Lessons Learned: The Design of “The Meeting at Deepnight”
Last week, in my blog post called “Lessons Learned: Four Years Designing 5e,” I talked about writing Defiance in Phlan, one of the first 5e adventures available to the public, and the first for the D&D Adventurers League. The design restrictions and mandates for that adventure made it one of the most challenging I have every written. It had to introduce a new edition of D&D, a new organized play campaign, be comprised on five 1-hour adventures, and be accessible to new DMs and players, among many other factors.
With that in mind, I want to spend the next several blog posts in this series looking at each of the mini-adventures, focusing specifically on design lessons: what was good, what was a necessary evil, what could have been better, and what other lessons can we take away from the design?
The Meeting at Deepnight
The first mini-adventure of Defiance in Phlan, and therefore the one that would get the most play, is “Mission 1: The Meeting at Deepnight.” In this adventure, the PCs are asked to play the roles of a shady merchant and that merchant’s posse. But before I get too deep into the evaluation of the adventure, I need to talk for a moment about using self-inflicted restrictions to focus writing and design.
One of the most difficult aspects of creative pursuits, and writing in particular, is the absolutely terrifying expansiveness of what could be written. With about 200,000 words in the English language, and with so many potential stories roaming around in a brain, the act of creating an RPG adventure can be overwhelming. One way to overcome the terrible whiteness of the blank page is to limit the potential output by providing yourself with different focii to write toward or scaffolding to write within.
Focus on Focus
For Defiance in Phlan, I used several of these focii to guide my writing. For example, I need to write five mini-adventures. As a part of the Tyranny of Dragons storyline, the adventures needed to be focused on dragons or draconic themes. There are five types of chromatic dragons: black, blue, green, red, and white. Right off the bat I had my first focus: each adventure would use one of those colors as a theme.
Also, Adventurers League characters could belong to one of five factions: the Harpers, the Zhentarim, the Emerald Enclave, the Lords’ Alliance, and the Order of the Gauntlet. I had my second focus: each adventure would tie to a faction in some way. Since another mandate of the adventure was to introduce the factions, this worked out perfectly.
Another design factor with encounters or short adventures is the three pillars of play: (social) interaction, exploration, and combat. Depending on how you turn the dials up or down on each of those aspects of the game, you can create very different experiences. So I would turn those knobs and try to highlight different pillars with each adventure.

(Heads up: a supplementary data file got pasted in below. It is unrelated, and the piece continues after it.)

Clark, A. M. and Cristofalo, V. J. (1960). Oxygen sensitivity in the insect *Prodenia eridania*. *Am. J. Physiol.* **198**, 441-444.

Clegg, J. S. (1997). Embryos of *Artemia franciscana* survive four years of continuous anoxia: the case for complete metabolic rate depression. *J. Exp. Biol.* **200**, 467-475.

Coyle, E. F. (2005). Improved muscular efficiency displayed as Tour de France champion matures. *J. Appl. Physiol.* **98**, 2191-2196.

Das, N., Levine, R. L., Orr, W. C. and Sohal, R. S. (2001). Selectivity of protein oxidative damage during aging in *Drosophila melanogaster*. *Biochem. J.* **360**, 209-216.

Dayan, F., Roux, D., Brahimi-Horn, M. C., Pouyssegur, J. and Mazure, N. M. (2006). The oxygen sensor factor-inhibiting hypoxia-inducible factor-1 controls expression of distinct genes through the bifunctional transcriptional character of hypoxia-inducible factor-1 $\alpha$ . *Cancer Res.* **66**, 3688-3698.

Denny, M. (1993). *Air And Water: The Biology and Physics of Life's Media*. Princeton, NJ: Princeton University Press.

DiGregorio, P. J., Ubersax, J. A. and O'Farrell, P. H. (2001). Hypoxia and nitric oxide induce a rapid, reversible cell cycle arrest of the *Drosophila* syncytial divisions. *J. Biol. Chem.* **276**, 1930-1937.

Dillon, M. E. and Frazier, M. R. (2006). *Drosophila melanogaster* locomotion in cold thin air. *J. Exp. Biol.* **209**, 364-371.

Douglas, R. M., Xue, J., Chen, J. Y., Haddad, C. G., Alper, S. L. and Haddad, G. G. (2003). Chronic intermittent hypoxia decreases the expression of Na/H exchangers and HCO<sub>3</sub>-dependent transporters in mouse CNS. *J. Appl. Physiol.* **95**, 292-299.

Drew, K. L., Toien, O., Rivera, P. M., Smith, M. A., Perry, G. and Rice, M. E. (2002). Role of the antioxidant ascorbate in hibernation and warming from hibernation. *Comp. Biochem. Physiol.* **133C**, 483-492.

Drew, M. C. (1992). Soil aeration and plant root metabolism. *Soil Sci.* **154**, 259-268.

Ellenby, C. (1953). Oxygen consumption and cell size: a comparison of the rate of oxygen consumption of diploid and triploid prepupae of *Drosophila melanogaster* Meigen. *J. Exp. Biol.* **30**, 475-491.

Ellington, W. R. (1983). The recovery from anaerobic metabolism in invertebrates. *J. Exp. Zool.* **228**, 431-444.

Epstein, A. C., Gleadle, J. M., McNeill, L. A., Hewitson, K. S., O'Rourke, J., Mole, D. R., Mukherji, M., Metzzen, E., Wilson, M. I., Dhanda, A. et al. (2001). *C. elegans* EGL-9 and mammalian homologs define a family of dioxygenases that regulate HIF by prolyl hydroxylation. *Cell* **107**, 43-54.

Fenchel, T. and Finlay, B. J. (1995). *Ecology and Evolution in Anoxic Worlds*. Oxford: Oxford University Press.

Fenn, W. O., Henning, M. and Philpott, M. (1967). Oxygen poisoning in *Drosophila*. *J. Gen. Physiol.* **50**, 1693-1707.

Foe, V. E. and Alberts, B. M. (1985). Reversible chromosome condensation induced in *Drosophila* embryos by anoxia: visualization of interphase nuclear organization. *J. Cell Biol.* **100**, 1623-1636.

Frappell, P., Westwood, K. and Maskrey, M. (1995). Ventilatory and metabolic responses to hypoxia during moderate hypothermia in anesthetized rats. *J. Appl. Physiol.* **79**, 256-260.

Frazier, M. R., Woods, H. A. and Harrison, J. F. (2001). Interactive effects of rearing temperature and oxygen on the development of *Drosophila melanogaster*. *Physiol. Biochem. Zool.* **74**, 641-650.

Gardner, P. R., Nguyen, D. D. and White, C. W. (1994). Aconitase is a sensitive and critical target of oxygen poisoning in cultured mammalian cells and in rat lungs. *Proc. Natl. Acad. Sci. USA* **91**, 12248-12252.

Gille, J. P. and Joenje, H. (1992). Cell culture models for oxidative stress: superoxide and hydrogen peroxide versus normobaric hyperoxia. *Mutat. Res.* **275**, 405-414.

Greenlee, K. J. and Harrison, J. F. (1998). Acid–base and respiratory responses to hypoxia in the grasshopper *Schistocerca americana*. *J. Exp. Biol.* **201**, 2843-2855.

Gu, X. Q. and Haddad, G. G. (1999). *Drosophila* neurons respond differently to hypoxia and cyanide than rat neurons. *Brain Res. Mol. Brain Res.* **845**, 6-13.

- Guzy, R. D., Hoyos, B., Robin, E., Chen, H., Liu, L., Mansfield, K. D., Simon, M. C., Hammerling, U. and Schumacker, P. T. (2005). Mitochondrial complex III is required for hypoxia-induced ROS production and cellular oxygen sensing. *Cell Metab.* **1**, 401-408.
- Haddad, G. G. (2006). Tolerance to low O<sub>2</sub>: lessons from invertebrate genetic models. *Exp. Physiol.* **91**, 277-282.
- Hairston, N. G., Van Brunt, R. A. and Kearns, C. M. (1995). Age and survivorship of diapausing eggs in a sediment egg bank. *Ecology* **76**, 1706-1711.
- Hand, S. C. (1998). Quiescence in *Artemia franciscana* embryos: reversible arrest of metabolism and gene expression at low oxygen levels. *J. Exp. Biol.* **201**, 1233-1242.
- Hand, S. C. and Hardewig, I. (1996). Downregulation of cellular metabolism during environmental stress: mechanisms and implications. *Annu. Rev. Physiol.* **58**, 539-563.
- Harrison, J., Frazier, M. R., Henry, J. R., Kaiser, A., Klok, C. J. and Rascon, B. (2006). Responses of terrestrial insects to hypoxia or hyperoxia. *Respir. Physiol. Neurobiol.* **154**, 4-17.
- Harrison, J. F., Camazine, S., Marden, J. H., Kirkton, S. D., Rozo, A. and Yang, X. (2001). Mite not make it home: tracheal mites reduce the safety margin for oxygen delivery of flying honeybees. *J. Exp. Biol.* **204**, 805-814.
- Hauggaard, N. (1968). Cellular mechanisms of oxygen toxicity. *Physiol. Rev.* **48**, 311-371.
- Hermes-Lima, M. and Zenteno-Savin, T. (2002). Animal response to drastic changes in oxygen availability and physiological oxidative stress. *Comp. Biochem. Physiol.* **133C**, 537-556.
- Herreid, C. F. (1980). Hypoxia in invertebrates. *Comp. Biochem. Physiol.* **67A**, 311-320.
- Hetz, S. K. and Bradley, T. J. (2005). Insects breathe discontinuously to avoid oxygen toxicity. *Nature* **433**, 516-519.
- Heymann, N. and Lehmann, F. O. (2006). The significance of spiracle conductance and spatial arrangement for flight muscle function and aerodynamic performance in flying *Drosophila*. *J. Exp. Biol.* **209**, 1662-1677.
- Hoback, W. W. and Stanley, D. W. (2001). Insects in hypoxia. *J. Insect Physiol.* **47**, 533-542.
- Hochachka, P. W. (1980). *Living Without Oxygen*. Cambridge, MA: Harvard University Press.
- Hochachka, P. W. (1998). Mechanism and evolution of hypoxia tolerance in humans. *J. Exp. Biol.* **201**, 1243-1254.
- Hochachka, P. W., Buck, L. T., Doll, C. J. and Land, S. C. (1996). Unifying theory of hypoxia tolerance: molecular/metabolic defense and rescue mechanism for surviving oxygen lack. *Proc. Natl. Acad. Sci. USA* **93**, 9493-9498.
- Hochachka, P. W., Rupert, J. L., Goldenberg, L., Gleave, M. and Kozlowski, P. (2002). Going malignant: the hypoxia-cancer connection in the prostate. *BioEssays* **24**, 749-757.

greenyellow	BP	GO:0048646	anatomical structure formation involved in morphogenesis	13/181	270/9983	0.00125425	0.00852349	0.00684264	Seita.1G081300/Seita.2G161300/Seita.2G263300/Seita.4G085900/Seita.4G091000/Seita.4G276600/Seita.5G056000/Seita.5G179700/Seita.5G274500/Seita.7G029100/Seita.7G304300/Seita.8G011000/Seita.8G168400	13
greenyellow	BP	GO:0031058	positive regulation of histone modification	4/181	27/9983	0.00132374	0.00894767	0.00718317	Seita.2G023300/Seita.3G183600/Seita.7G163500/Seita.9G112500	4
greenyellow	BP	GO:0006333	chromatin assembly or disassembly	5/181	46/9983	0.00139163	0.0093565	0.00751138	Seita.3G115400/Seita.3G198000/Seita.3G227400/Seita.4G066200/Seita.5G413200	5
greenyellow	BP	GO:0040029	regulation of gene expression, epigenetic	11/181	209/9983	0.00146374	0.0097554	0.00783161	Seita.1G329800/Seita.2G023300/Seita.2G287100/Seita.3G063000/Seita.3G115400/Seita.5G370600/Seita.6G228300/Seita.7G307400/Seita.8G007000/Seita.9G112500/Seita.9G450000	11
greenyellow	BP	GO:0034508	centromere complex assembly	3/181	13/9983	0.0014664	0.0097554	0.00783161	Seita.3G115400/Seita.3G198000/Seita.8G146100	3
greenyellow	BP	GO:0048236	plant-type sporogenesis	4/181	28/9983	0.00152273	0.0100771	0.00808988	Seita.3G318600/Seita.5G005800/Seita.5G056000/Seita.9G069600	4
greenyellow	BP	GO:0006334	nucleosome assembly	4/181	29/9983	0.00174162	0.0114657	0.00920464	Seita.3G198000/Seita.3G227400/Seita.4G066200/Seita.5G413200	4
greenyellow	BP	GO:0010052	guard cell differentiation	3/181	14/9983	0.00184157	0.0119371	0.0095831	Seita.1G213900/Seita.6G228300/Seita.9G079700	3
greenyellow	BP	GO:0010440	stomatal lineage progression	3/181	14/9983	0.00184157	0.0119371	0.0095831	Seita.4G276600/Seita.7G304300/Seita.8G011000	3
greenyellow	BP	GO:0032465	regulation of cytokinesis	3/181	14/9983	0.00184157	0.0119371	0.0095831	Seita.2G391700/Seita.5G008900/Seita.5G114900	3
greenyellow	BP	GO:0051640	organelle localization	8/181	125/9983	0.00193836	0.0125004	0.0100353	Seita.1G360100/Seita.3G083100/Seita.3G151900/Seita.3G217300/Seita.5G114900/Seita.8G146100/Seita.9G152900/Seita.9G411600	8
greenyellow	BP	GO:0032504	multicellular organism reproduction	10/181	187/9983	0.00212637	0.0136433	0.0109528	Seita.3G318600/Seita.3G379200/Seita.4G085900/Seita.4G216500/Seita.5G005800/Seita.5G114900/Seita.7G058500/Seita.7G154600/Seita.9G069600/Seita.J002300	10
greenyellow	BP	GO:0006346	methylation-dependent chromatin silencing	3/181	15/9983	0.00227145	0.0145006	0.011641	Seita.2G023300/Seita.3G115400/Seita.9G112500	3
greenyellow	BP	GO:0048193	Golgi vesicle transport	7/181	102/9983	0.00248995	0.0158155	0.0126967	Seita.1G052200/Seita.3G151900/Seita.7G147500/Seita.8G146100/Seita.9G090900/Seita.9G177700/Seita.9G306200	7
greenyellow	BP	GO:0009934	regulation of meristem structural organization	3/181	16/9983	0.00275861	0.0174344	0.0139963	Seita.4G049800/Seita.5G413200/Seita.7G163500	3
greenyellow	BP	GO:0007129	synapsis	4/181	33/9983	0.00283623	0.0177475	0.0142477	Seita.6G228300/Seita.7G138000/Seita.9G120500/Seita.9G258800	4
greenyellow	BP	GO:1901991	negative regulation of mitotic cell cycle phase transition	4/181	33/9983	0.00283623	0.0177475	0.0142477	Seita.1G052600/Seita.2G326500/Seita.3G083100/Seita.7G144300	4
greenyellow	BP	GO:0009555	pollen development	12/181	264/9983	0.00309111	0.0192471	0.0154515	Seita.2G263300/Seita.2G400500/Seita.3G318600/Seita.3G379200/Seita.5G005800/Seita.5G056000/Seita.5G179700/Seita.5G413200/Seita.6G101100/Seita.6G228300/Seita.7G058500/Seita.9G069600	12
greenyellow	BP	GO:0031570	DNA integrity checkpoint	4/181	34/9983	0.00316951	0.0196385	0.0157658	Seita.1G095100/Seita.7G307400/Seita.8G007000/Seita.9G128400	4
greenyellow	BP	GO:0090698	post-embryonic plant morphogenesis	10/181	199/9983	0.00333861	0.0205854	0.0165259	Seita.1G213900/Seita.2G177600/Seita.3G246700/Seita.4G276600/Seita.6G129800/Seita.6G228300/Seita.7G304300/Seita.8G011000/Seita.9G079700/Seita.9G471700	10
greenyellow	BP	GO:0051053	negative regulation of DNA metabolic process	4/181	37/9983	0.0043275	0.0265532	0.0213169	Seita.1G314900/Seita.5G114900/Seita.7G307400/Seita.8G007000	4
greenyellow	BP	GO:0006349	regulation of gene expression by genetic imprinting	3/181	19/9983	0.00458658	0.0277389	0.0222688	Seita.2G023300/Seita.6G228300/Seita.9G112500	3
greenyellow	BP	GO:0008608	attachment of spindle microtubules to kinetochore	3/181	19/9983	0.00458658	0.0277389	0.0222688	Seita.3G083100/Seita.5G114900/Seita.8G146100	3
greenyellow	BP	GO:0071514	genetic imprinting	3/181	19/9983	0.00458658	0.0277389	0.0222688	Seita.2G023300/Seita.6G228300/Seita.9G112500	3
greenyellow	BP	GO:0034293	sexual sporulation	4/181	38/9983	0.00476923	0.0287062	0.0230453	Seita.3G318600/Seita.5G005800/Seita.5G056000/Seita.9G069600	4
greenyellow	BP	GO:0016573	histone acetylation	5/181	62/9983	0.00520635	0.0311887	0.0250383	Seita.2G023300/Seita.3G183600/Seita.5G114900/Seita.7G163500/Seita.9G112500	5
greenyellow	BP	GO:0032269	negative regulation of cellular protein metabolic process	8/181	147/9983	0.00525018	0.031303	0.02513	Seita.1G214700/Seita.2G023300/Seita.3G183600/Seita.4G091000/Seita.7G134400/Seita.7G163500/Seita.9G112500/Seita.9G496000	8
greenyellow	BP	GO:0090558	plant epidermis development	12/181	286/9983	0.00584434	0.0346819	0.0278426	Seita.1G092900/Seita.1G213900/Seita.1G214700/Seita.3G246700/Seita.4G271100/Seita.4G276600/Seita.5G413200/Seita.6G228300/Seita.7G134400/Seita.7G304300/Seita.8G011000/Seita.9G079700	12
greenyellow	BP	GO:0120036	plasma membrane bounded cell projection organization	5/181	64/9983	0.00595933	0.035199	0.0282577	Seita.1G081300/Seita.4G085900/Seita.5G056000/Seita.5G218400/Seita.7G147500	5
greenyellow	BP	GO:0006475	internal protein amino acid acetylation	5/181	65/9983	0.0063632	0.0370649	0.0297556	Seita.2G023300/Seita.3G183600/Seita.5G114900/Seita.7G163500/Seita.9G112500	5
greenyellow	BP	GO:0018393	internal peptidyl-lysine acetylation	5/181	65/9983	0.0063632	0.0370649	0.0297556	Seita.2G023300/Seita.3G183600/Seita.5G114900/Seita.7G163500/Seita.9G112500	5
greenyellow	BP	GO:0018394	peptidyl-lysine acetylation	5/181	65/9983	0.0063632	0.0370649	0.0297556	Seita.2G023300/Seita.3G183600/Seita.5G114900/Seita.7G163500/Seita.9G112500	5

As you can see, by piling on these focii–whether they are themes or motifs or more tangible elements of an adventure–I was limiting my range of design and providing aids to spark imagination. This not only provides the larger ideas and plots, but it can even provide a bellwether for the small details that go into adventure design.
In “The Meeting at Deepnight,” my focii were red dragons, the Harpers, social interaction, and the time of day was deepnight, or midnight in Forgotten Realms lingo. As I discuss the design of the adventure further, you will see these come up time and time again.
A Simple, Tricky Plot
For the overall plot of the adventure, I wanted something associated with the Harpers, who are the trickiest and most subtle faction of the bunch. So I wanted a plot that dealt with sneakiness and subterfuge. Combine sneakiness with social interaction, and you get deception. With that, I decided to make the plot call for the PCs to take on the roles of someone else, to fool some NPCs into giving them something. Bringing in the draconic angle, the item the PCs needed to retrieve was a red dragon egg.
At this point, I stopped to make sure, as the first adventure many new players to 5e or to D&D would be playing, I was making it a memorable experience. Since 5e was attempting to promote story and action over rules, I thought this would be a fine way to ease players into the experience of an RPG: rather than going heavy on combat or a deluge of rules, let’s give them the chance to roleplay. Roleplaying is something anyone with an imagination has done since they were infants.
Even roleplaying like this, however, can be intimidating. Asking someone to create a character and play it, as I have learned from 30+ years of teaching the game, isn’t always comfortable for them. So I tried to make it a little easier for new players. Yes, they are supposed to take on the persona of this new character they made, but in this adventure, they were going to pretend to be something a little more easy to imagine.